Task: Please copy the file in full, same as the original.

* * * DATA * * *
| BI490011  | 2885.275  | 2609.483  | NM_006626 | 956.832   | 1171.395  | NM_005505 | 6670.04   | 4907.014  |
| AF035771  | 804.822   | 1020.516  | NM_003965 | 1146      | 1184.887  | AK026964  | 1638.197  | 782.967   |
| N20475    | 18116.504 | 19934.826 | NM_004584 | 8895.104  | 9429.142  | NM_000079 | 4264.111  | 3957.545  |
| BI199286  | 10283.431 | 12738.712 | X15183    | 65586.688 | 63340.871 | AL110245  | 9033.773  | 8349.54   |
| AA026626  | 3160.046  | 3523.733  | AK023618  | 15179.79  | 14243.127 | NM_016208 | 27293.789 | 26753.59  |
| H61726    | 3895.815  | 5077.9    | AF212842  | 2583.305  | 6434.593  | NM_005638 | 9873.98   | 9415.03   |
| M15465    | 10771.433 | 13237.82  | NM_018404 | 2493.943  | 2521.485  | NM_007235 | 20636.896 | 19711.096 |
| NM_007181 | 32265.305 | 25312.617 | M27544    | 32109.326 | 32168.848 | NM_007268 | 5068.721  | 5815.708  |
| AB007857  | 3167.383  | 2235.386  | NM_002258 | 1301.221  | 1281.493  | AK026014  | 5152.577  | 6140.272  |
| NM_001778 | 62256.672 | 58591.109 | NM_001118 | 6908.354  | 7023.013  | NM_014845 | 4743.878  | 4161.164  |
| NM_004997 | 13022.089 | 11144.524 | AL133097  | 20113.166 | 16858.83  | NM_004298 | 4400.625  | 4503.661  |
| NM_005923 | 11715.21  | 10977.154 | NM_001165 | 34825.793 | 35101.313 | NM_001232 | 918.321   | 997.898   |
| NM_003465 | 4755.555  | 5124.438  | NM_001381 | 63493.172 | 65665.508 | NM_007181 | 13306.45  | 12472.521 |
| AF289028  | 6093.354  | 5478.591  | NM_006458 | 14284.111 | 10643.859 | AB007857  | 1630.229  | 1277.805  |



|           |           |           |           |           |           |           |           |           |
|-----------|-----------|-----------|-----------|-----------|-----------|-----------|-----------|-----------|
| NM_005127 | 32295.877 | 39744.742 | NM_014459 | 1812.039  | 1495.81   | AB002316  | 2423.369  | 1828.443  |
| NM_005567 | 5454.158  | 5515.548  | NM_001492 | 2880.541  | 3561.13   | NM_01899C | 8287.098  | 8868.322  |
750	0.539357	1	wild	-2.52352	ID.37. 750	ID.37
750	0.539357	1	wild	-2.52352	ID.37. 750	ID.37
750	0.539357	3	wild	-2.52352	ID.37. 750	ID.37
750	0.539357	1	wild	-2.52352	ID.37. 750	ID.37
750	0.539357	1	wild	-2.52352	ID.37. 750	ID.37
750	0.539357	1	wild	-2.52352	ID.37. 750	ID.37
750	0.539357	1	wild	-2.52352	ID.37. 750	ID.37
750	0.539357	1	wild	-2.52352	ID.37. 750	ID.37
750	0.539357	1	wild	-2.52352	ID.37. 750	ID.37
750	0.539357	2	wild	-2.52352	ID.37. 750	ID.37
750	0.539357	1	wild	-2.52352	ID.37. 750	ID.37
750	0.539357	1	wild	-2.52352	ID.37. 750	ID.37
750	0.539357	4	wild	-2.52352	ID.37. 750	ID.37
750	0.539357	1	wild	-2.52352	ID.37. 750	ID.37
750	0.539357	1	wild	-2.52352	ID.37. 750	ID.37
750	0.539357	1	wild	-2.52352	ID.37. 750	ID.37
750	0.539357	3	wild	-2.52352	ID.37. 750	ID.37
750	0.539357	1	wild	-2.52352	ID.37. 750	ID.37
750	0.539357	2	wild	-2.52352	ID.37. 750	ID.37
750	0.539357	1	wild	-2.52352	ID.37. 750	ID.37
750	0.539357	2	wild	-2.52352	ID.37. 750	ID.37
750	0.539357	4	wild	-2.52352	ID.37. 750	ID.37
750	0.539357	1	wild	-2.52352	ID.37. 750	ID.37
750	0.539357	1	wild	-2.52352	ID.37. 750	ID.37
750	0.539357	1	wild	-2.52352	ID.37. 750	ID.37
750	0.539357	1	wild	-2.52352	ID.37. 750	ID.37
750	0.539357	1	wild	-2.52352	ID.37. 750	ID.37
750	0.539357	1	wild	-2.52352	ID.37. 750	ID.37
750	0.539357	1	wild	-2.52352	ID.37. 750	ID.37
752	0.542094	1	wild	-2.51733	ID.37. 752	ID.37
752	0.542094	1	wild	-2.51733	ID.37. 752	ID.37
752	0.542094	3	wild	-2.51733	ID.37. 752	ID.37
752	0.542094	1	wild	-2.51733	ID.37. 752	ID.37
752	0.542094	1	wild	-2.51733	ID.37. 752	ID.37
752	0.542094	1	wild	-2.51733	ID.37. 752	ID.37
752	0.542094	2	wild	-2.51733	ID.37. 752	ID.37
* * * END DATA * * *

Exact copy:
| BI490011  | 2885.275  | 2609.483  | NM_006626 | 956.832   | 1171.395  | NM_005505 | 6670.04   | 4907.014  |
| AF035771  | 804.822   | 1020.516  | NM_003965 | 1146      | 1184.887  | AK026964  | 1638.197  | 782.967   |
| N20475    | 18116.504 | 19934.826 | NM_004584 | 8895.104  | 9429.142  | NM_000079 | 4264.111  | 3957.545  |
| BI199286  | 10283.431 | 12738.712 | X15183    | 65586.688 | 63340.871 | AL110245  | 9033.773  | 8349.54   |
| AA026626  | 3160.046  | 3523.733  | AK023618  | 15179.79  | 14243.127 | NM_016208 | 27293.789 | 26753.59  |
| H61726    | 3895.815  | 5077.9    | AF212842  | 2583.305  | 6434.593  | NM_005638 | 9873.98   | 9415.03   |
| M15465    | 10771.433 | 13237.82  | NM_018404 | 2493.943  | 2521.485  | NM_007235 | 20636.896 | 19711.096 |
| NM_007181 | 32265.305 | 25312.617 | M27544    | 32109.326 | 32168.848 | NM_007268 | 5068.721  | 5815.708  |
| AB007857  | 3167.383  | 2235.386  | NM_002258 | 1301.221  | 1281.493  | AK026014  | 5152.577  | 6140.272  |
| NM_001778 | 62256.672 | 58591.109 | NM_001118 | 6908.354  | 7023.013  | NM_014845 | 4743.878  | 4161.164  |
| NM_004997 | 13022.089 | 11144.524 | AL133097  | 20113.166 | 16858.83  | NM_004298 | 4400.625  | 4503.661  |
| NM_005923 | 11715.21  | 10977.154 | NM_001165 | 34825.793 | 35101.313 | NM_001232 | 918.321   | 997.898   |
| NM_003465 | 4755.555  | 5124.438  | NM_001381 | 63493.172 | 65665.508 | NM_007181 | 13306.45  | 12472.521 |
| AF289028  | 6093.354  | 5478.591  | NM_006458 | 14284.111 | 10643.859 | AB007857  | 1630.229  | 1277.805  |



|           |           |           |           |           |           |           |           |           |
|-----------|-----------|-----------|-----------|-----------|-----------|-----------|-----------|-----------|
| NM_005127 | 32295.877 | 39744.742 | NM_014459 | 1812.039  | 1495.81   | AB002316  | 2423.369  | 1828.443  |
| NM_005567 | 5454.158  | 5515.548  | NM_001492 | 2880.541  | 3561.13   | NM_01899C | 8287.098  | 8868.322  |
750	0.539357	1	wild	-2.52352	ID.37. 750	ID.37
750	0.539357	1	wild	-2.52352	ID.37. 750	ID.37
750	0.539357	3	wild	-2.52352	ID.37. 750	ID.37
750	0.539357	1	wild	-2.52352	ID.37. 750	ID.37
750	0.539357	1	wild	-2.52352	ID.37. 750	ID.37
750	0.539357	1	wild	-2.52352	ID.37. 750	ID.37
750	0.539357	1	wild	-2.52352	ID.37. 750	ID.37
750	0.539357	1	wild	-2.52352	ID.37. 750	ID.37
750	0.539357	1	wild	-2.52352	ID.37. 750	ID.37
750	0.539357	2	wild	-2.52352	ID.37. 750	ID.37
750	0.539357	1	wild	-2.52352	ID.37. 750	ID.37
750	0.539357	1	wild	-2.52352	ID.37. 750	ID.37
750	0.539357	4	wild	-2.52352	ID.37. 750	ID.37
750	0.539357	1	wild	-2.52352	ID.37. 750	ID.37
750	0.539357	1	wild	-2.52352	ID.37. 750	ID.37
750	0.539357	1	wild	-2.52352	ID.37. 750	ID.37
750	0.539357	3	wild	-2.52352	ID.37. 750	ID.37
750	0.539357	1	wild	-2.52352	ID.37. 750	ID.37
750	0.539357	2	wild	-2.52352	ID.37. 750	ID.37
750	0.539357	1	wild	-2.52352	ID.37. 750	ID.37
750	0.539357	2	wild	-2.52352	ID.37. 750	ID.37
750	0.539357	4	wild	-2.52352	ID.37. 750	ID.37
750	0.539357	1	wild	-2.52352	ID.37. 750	ID.37
750	0.539357	1	wild	-2.52352	ID.37. 750	ID.37
750	0.539357	1	wild	-2.52352	ID.37. 750	ID.37
750	0.539357	1	wild	-2.52352	ID.37. 750	ID.37
750	0.539357	1	wild	-2.52352	ID.37. 750	ID.37
750	0.539357	1	wild	-2.52352	ID.37. 750	ID.37
750	0.539357	1	wild	-2.52352	ID.37. 750	ID.37
752	0.542094	1	wild	-2.51733	ID.37. 752	ID.37
752	0.542094	1	wild	-2.51733	ID.37. 752	ID.37
752	0.542094	3	wild	-2.51733	ID.37. 752	ID.37
752	0.542094	1	wild	-2.51733	ID.37. 752	ID.37
752	0.542094	1	wild	-2.51733	ID.37. 752	ID.37
752	0.542094	1	wild	-2.51733	ID.37. 752	ID.37
752	0.542094	2	wild	-2.51733	ID.37. 752	ID.37